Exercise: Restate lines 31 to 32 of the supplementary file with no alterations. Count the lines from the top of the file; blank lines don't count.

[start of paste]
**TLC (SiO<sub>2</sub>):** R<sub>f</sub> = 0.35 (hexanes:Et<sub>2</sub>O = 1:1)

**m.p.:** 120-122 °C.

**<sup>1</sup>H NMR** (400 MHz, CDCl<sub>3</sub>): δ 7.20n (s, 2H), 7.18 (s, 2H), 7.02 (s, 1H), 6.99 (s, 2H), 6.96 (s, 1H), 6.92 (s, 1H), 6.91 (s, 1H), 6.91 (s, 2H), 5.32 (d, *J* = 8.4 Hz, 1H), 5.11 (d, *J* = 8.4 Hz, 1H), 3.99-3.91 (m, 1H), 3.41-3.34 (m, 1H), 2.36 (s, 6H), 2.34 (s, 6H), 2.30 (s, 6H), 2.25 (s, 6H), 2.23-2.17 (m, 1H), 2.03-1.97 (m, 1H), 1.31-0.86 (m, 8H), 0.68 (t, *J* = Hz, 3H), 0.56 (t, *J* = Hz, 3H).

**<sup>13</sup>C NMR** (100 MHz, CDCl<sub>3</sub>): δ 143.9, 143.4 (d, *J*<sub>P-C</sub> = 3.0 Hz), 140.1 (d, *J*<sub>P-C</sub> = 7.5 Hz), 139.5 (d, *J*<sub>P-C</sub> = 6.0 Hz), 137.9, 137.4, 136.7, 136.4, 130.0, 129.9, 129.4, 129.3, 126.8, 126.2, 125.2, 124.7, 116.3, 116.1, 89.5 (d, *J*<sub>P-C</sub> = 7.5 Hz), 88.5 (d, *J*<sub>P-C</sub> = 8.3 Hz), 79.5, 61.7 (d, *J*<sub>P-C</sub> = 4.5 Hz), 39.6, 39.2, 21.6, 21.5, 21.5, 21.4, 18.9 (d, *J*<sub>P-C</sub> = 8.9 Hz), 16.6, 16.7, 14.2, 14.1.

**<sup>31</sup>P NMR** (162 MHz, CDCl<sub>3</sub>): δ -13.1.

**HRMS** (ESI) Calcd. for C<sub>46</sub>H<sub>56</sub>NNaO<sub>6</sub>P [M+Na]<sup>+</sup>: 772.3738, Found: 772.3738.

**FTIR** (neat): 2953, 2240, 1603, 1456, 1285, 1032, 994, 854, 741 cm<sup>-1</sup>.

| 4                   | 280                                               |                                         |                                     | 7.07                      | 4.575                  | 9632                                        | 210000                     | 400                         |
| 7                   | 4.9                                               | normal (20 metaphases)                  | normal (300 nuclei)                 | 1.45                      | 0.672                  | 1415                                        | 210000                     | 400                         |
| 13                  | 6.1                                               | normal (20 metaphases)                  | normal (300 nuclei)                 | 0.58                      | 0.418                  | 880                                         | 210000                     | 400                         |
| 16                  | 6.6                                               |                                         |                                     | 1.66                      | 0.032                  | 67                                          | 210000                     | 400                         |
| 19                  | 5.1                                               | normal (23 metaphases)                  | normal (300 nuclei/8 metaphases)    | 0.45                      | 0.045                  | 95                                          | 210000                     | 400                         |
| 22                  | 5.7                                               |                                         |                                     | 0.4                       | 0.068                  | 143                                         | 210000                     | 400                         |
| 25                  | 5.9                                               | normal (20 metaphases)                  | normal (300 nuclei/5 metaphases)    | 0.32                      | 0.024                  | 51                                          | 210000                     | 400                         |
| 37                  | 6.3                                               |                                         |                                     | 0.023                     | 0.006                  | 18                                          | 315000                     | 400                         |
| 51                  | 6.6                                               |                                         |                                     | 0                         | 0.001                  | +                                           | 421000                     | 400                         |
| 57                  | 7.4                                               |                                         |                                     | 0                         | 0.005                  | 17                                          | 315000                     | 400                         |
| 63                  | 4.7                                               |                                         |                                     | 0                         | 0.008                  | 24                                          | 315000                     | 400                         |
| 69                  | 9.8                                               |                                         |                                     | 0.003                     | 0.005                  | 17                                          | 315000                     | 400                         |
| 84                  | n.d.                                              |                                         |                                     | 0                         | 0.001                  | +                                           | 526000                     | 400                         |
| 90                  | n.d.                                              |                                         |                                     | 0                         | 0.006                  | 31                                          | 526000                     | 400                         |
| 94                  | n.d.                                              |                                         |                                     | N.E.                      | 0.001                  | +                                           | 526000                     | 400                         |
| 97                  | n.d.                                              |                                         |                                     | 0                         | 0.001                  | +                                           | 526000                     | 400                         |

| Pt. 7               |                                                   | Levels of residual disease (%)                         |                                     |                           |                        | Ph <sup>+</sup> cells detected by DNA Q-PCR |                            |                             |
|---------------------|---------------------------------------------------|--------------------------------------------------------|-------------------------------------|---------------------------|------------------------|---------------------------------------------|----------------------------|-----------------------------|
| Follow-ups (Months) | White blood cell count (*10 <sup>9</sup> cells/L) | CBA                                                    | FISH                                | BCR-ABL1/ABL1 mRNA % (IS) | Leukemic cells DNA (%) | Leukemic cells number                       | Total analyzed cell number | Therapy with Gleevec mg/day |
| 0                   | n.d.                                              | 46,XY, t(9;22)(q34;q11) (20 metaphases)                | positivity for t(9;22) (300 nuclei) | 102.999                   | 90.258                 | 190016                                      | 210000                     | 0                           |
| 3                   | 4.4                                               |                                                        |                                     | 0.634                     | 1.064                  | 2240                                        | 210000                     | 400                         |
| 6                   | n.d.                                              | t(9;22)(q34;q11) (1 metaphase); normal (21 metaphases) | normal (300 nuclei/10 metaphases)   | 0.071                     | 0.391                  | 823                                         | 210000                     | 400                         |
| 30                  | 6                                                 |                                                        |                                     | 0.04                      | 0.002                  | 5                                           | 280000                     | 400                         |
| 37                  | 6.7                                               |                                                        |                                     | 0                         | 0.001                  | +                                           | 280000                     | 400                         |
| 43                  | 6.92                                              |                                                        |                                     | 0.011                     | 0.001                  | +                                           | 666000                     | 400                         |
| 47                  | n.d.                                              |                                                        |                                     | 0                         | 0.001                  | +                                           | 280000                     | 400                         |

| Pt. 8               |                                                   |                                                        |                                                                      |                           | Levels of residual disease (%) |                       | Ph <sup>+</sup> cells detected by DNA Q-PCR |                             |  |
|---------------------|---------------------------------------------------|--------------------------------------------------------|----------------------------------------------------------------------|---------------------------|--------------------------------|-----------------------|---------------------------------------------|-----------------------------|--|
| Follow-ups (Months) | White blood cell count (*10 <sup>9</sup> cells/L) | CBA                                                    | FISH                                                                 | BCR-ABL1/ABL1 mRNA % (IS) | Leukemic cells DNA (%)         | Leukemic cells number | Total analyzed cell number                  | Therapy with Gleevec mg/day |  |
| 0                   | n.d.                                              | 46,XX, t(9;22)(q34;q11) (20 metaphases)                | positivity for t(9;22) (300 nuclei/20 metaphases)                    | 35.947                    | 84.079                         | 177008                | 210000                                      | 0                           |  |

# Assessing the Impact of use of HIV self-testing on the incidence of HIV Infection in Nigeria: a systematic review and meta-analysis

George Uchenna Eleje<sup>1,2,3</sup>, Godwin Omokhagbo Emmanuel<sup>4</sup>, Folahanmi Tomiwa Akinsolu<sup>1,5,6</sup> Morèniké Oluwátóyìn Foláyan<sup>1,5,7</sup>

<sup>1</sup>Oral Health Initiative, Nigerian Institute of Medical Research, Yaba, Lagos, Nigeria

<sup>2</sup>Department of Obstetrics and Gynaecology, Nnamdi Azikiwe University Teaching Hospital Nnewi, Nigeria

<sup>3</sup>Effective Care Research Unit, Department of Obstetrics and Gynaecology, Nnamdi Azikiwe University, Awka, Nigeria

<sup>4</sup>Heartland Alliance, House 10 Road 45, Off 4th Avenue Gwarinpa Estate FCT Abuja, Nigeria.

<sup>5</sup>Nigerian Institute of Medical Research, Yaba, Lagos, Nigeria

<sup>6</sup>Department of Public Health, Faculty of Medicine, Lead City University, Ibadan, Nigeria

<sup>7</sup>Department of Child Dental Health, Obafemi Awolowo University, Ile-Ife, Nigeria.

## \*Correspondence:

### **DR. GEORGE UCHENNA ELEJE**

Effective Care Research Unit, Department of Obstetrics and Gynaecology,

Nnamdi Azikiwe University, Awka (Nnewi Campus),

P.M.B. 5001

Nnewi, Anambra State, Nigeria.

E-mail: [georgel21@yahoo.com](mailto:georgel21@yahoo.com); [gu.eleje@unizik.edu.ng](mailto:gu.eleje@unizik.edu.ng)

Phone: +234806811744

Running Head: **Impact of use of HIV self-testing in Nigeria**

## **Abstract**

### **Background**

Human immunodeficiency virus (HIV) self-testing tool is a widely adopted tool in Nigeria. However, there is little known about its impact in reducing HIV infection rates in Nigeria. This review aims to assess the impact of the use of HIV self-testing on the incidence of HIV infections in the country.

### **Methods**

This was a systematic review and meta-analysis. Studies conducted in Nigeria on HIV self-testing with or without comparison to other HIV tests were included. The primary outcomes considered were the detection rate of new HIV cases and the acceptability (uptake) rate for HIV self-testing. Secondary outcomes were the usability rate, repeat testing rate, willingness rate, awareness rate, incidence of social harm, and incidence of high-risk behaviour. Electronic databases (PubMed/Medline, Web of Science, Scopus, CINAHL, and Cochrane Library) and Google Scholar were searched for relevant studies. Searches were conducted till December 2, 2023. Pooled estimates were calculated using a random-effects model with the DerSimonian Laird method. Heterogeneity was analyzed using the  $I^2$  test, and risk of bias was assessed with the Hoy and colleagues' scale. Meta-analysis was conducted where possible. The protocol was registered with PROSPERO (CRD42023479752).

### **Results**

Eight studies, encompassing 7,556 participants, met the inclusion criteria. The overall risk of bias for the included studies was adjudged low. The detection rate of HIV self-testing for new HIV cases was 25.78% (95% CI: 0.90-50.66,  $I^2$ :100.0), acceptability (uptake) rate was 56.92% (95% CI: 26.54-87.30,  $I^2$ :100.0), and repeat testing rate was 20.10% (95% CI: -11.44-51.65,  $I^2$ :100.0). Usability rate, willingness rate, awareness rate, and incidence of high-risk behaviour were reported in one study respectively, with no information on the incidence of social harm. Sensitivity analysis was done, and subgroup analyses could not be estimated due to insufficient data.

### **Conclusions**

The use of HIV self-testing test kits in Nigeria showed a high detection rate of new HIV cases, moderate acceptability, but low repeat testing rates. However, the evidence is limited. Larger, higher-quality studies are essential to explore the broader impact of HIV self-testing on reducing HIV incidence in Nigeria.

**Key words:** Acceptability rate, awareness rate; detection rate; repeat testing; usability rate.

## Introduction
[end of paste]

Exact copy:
| 37                  | 6.7                                               |                                                        |                                     | 0                         | 0.001                  | +                                           | 280000                     | 400                         |
| 43                  | 6.92                                              |                                                        |                                     | 0.011                     | 0.001                  | +                                           | 666000                     | 400                         |